‘Zombie’ virus revived after 50,000 years trapped in Siberian permafrost. According to a pre-print report, scientists from the French National Centre for Scientific Research have awakened more than a dozen ancient viruses that were once imprisoned deep under the Siberian permafrost.
‘Zombie’ virus revived after 50,000 years
The discovery of 13 previously unknown viruses that have been latent and frozen in ice for tens of millions of years came from seven ancient permafrost samples.
According to the BBC, the same researchers discovered a 30,000-year-old virus that had been frozen in permafrost in 2014. The virus was still able to infect living things, making the finding ground-breaking. However, by resurrecting a virus that is 48,500 years old, they have already surpassed their previous record.
In recognition of its size and the kind of permafrost soil it was discovered in, the ancient virus was given the title Pandoravirus yedoma, as per Science Alert.
In order to evaluate the effects of these ancient viruses on public health, scientists are thawing them out. The Northern Hemisphere’s permafrost, or permanently frozen ground, is thawing, releasing enormous amounts of chemical and microbial contaminants.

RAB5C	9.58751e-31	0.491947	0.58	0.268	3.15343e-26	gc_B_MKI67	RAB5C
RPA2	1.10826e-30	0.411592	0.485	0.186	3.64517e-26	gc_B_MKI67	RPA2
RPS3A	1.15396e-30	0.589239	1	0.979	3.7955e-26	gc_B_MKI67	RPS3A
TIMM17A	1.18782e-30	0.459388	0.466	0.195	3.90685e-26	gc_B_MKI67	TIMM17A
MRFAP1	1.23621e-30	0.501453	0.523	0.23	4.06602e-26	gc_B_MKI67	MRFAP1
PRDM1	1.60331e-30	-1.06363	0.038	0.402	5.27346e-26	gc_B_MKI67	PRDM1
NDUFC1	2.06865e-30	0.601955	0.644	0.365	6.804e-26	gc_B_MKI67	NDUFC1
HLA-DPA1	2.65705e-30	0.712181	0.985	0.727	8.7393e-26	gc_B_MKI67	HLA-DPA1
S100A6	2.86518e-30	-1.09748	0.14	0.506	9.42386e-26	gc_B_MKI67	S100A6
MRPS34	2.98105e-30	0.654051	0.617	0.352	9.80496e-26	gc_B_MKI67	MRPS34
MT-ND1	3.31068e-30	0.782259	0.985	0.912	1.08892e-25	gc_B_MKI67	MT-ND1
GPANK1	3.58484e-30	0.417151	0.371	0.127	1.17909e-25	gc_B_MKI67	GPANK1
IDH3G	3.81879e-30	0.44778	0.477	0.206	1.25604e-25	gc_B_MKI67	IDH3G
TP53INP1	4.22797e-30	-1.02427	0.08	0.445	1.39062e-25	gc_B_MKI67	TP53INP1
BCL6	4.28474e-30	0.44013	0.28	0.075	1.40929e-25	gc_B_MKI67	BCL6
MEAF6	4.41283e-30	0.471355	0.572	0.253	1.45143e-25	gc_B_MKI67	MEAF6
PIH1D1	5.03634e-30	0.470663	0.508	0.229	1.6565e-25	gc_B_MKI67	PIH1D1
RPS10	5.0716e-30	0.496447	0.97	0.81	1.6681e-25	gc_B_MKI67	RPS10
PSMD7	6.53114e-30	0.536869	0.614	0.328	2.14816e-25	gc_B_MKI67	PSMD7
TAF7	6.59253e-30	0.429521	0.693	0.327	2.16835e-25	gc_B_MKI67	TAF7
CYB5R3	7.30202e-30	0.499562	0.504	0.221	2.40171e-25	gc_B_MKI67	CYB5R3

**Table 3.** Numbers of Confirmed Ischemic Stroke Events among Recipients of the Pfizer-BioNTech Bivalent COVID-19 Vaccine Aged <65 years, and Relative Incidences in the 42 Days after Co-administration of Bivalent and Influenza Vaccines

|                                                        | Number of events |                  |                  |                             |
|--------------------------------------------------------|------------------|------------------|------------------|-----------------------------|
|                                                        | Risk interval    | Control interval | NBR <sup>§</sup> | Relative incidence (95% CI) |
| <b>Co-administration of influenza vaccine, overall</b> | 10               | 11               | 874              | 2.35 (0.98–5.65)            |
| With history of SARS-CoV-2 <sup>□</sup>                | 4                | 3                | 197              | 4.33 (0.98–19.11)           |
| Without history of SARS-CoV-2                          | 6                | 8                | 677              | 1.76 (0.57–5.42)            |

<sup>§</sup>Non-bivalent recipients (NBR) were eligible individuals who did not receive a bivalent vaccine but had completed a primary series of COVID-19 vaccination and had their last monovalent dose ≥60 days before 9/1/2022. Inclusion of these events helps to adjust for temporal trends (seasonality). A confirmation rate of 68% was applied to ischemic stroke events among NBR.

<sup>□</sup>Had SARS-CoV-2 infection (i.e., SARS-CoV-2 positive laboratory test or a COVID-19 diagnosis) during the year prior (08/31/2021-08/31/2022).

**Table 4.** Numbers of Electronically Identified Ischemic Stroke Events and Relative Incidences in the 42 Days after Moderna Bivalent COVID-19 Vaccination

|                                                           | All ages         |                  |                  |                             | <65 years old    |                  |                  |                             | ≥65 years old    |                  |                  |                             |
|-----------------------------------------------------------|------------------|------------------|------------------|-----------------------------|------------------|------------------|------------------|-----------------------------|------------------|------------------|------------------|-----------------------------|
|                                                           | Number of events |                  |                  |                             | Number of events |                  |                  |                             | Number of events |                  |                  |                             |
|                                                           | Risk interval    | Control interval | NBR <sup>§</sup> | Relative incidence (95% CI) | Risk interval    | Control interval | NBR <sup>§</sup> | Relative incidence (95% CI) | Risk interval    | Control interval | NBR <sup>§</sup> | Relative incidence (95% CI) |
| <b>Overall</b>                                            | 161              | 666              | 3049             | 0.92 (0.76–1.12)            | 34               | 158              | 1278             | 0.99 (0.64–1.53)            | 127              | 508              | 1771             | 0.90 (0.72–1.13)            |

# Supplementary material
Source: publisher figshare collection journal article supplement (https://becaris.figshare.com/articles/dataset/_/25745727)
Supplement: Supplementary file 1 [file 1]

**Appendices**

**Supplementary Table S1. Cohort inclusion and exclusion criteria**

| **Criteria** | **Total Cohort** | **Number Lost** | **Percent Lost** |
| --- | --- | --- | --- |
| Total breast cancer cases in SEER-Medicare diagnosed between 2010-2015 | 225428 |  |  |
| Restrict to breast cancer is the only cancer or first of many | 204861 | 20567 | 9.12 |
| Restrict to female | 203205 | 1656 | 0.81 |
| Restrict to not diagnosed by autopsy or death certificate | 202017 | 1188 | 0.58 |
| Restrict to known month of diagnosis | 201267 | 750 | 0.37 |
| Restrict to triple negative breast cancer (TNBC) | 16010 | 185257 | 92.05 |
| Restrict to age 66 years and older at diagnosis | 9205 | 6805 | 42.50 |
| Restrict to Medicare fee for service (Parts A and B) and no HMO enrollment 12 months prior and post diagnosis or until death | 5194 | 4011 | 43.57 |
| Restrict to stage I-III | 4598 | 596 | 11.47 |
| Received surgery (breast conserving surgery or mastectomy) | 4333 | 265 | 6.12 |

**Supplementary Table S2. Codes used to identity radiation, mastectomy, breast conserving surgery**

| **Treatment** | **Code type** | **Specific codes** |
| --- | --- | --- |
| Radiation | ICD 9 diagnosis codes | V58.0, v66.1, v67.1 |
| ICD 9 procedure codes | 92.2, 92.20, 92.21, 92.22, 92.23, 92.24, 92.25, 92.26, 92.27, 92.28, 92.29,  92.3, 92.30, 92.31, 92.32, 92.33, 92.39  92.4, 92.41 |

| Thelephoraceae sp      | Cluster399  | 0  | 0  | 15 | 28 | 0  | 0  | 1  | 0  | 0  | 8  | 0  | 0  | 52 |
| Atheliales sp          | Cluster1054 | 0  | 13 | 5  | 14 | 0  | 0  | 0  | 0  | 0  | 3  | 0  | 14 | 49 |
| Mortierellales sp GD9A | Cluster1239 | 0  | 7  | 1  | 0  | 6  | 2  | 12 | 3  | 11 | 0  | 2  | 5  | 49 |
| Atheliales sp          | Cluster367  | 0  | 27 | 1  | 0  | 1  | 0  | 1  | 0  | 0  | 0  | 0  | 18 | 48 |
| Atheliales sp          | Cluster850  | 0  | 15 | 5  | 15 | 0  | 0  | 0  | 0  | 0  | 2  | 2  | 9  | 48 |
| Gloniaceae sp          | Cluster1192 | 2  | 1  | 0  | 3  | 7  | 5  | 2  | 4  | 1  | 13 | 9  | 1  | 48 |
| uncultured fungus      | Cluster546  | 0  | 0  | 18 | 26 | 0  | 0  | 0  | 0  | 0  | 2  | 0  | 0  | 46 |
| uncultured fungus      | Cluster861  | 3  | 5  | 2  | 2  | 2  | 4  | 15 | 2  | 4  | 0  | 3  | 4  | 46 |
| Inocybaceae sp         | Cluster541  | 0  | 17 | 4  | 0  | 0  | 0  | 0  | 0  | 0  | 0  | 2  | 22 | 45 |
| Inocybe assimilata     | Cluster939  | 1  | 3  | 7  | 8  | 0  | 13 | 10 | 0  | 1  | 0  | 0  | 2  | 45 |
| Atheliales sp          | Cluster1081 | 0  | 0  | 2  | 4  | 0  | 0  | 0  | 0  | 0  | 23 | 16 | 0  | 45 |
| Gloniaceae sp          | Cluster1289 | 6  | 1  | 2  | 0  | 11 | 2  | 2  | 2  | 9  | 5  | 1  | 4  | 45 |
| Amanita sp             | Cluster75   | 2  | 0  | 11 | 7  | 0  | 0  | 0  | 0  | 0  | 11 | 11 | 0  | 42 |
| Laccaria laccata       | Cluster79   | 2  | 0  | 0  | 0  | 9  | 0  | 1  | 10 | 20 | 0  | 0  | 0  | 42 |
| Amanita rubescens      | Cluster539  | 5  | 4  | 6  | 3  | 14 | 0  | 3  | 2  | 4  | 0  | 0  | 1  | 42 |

The authors caution that some of these “zombie viruses” might be harmful to people. In fact, permafrost thawing has already resulted in human fatalities.
In 2016, a Siberian anthrax epidemic resulted in one kid dying and other patients being hospitalised. According to officials, the outbreak began when a heat wave thawed the permafrost and uncovered a reindeer carcass that had been infected with anthrax in the past. In the outbreak, over 2,300 reindeer perished.
The researchers discovered several subtypes of viruses that had been revived, including pandoraviruses, cedratviruses, megaviruses, pacmanviruses, and pithoviruses. These viruses are referred regarded as “giant” because of their size and ease of detection under light microscopy.
Because of this, scientists think there are numerous smaller viruses that have evaded detection.
In order to determine which viruses were still live and capable of infecting an organism, the researchers used utilised amoeba cells as “viral bait.” The researchers claimed that as a result, their findings were restricted to the detection of “lytic viruses,” as opposed to other viruses that can combine with a host’s DNA.
One bright spot is that these amoeba-infecting viruses only provide a “negligible” threat to humans, according to the study’s authors. But that does not imply that all harmless old viruses exist.
The “risky” hunt for viruses in the “permafrost-preserved remains of mammoths, woolly rhinoceroses, or prehistoric horses,” according to the authors, is a very different matter.
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It is unknown whether these ancient viruses may infect a host after being exposed to environmental factors like heat, oxygen, and UV radiation. However, as more permafrost thaws and more people start to occupy the melting Arctic for economic and industrial endeavours, academics think the likelihood of such a situation is rising.